Will joins us now for a Christopher Scott hip hop with Lauren (eh). Scott's stories are always elaborate, and tonight Will is a guy with a lot of problems who must dance his pain away. Lauren represents the part of his mind that gets him through the pain. Because the set is a big office couch, I had a momentary panic that this would be a 50 Shades of Grey dance. Thankfully, no vampires (sorry, shmampires) are in sight, so we're safe to begin.
They're dancing to "Dance My Pain Away" by Wye Oak, which seems a bit on the nose, no? Will's in a blue button down, a color that looks great on him (just sayin' Will!). Lauren's in a white/blue/gold superhero costume, basically. Will's hip hop is kind of gangly and wavy, as one would expect, and weirdly reminds me of his Bollywood a bit. The number is over really fast, it seems--or I missed it struggling to describe Lauren's outfit. I found it a bit ordinary, but whatevs.
Mary disagrees, because she loved the routine. She found Will's movement precise and articulate, and reminds him to believe in himself. We cut to his folks, sitting in the audience in matching "Will Power" t-shirts. They seem nice, but they're no Beat and Edith. JTF tells us, "Ironically, this is the same way I break in my living room furniture." He thinks Will's an adorable puppy covered in adorable puppies, but notes that sometimes he plays that up and it was nice to see him be a bit more serious. Nigel felt the routine was tough because he was never really dancing with his partner--because the premise of the dance was that he doesn't see Lauren, he didn't get to interact with her as much. I'm confused about whether this is meant as critique or praise, and then Nigel makes a joke to Lauren about her coming over to cheer him up (which Lauren deflects ably, I must say--stop being gross, Nigel). At least he puts a cap on it by telling Will he did a really good job.
And without further ado, it's on to Witney's solo. Her mom put her in dance classes early, because Witney had too much energy, and it stuck. Her dad finds the sexy stuff a bit hard to take, and is not at all interested in his little girl riding the Hot Tamale Train. Cut to...Witney beginning her solo in a backless costume, dancing to Rihanna's "Where Have You Been" (which, as you may recall, is about searching for a man to love her all night long). I must say, I think of the two ballroomers, Lindsay is probably the better dancer, technically, but Witney is both a better soloist and a better actress. Her solo is sassy and very seductive--her dad must be flipping out.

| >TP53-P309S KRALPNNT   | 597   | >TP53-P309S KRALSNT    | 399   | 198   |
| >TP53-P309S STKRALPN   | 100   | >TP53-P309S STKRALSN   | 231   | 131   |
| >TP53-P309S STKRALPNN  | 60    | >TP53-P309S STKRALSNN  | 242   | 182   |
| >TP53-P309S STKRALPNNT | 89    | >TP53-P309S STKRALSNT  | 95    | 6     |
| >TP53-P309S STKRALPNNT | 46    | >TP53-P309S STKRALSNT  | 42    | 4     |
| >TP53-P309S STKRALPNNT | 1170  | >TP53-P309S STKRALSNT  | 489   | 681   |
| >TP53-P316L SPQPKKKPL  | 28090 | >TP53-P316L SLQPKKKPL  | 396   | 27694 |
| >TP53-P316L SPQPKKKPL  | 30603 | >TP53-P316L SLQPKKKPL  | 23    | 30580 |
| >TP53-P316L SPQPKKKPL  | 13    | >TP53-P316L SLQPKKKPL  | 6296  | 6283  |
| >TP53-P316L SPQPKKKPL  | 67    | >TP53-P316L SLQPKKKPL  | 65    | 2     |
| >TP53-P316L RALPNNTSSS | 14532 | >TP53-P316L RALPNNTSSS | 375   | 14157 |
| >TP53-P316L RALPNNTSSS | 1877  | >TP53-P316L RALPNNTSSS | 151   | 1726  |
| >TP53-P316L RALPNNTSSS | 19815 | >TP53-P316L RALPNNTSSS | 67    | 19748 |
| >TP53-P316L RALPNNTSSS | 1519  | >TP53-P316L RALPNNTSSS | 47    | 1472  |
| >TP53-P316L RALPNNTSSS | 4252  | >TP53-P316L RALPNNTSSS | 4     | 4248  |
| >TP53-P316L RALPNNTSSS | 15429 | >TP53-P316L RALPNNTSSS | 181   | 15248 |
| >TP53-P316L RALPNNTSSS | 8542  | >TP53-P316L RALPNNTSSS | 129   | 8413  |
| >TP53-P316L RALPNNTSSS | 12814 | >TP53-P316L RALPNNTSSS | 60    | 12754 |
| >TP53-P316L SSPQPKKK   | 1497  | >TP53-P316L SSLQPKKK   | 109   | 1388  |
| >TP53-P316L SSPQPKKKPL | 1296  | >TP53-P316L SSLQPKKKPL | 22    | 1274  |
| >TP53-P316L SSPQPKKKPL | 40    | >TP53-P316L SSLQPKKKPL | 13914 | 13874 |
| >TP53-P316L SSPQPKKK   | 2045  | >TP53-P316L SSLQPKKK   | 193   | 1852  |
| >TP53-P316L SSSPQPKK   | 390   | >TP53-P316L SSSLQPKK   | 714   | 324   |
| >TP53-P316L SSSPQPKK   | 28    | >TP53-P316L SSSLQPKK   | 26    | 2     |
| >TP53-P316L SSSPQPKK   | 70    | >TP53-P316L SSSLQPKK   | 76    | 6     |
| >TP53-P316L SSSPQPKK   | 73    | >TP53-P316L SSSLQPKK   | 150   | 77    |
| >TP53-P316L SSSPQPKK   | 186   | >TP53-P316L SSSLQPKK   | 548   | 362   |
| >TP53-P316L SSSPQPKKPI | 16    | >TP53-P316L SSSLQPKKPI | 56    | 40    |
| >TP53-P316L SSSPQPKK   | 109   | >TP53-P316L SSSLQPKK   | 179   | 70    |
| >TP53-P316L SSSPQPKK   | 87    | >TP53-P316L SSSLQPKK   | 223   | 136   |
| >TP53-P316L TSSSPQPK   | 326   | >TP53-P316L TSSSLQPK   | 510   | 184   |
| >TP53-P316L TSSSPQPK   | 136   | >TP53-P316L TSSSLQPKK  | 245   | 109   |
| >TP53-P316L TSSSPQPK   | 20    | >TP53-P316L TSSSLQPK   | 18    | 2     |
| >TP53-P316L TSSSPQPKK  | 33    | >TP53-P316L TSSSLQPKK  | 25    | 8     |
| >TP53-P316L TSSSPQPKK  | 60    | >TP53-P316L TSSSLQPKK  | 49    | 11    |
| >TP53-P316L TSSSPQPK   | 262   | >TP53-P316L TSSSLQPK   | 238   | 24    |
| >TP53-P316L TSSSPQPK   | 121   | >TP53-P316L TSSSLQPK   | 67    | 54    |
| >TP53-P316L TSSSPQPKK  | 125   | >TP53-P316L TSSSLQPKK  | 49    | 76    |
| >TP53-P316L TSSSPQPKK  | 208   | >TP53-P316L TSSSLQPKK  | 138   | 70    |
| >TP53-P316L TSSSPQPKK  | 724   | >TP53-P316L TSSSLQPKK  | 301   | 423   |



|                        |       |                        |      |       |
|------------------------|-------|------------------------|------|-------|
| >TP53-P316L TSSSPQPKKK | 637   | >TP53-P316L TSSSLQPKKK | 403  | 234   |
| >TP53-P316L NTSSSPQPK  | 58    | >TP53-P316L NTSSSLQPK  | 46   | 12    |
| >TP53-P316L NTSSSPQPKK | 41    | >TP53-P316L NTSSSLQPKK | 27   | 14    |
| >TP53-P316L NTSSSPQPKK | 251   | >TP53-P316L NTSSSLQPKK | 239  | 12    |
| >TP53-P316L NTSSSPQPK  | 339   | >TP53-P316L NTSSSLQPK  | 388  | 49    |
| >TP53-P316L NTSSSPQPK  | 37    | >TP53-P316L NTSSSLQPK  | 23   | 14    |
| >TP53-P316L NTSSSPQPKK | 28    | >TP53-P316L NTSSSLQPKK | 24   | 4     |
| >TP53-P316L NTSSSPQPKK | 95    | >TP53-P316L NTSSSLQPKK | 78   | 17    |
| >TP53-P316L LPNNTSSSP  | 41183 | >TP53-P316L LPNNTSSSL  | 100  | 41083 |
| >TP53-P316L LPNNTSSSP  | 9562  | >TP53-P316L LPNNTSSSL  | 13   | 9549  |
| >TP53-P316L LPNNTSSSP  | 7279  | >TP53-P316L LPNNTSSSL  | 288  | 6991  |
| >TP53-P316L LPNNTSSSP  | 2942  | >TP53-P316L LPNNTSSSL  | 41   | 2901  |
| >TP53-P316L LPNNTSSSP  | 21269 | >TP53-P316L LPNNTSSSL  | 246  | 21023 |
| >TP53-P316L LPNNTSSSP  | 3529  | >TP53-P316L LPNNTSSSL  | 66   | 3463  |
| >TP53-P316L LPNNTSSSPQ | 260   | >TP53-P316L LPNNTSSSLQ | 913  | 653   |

Cole's solo is next, and we learn that he was a very shy kid growing up in Hawaii. He was bullied a lot (which we learn over a particularly sweet shot of him cradling a little white rabbit), and so his parents put him in martial arts classes. He wants to be an actor, and so began dance classes to bolster his skills. His solo is to "Arise" by someone called E.S. Posthumus, which seems like...not his given name, at any rate. (Don't know if the misspelling is deliberate or not.) As Cole's dancing always is, he's strong and expressive, but to be honest, this is beginning to feel a little same old-same old. Sorry, Cole!
Our next pairing has many Ms! It's a Mandy Moore routine, featuring Cyrus with Melanie Moore! The routine is jazz, and the rehearsal looks very Fosse-ish. It's about "two cool people strutting their way through town." I love Melanie, but "cool" she ain't. They'll be dancing to "Badder Badder Schwing" by Freddy Fresh (feat. Fatboy Slim, late of Olympics fame). Cyrus does manage to make his hipster-retro checked pants and polo sweater look swag, but thankfully they just put Melanie in a sassy red dress. The music sounds kind of 60s Mod (can music be Mod?), and the moves should really lend themselves to Cyrus's animator skills. To be honest, the dance feels slow, though. It has the look of a DTWS piece in which the female pro does all the work and just dances around the male star. Cyrus had great attitude, as he always does, but that was definitely the least challenging piece we've seen tonight. It's time to make him work a little more, choreographers!
JTF loves Cyrus's charisma and says that no matter where he winds up, he'll become an iconic part of the show. No talk of his dancing, mind you. Nigel points out that America obviously adores him, as he has yet to be in the bottom three--he says that although at the end of the show, Cyrus will probably not be America's best dancer, he could very well be America's favorite dancer. He then asks if Cyrus knew that the movement was very Fosse-esque, and while Cyrus has no clue what that means, I award myself a gold star. Once again, Nigel says nothing about his actual dancing. I am getting annoyed, even though I like Cyrus. Mary says that Melanie's still "The Beast" and reminds us that Cyrus will never get "his" style because they don't have anyone else who can animate like he can. "Was everything completely perfect? No, it wasn't...but what you do is extraordinary" and then praises him for remembering the choreography. OK, that's enough. Seriously, show, if you liked him enough to bring him to the finals, MAKE HIM ACTUALLY DANCE AND CRITIQUE HIM WHEN HE DOES. I have nothing against Cyrus, but he's getting such a free ride.
Ooh, Eliana's solo is next. She tells us that she's one of six siblings, but when her parents got divorced (when she was 11), it wound up being just her and her mom on their own. She doesn't tell us why the siblings didn't stay, but it brought her and her mom really close. At 16, she moved to NYC to attend Joffrey Ballet School, and as she says, "I think it worked out, because I'm here now!" She doesn't tell us something I learned from her online bio, which is that she joined Cirque de Soleil in 2009. Cool. Eliana's also dancing to a Max Richter piece (is he like the go-to composer for pop ballet?), this one called "Infra 8." We actually get to see her in toe shoes doing a little "real" ballet--it's nicely composed, but I think she could have used another trick or two to juice the phone-in votes, especially given that her partner dance was the quickstep.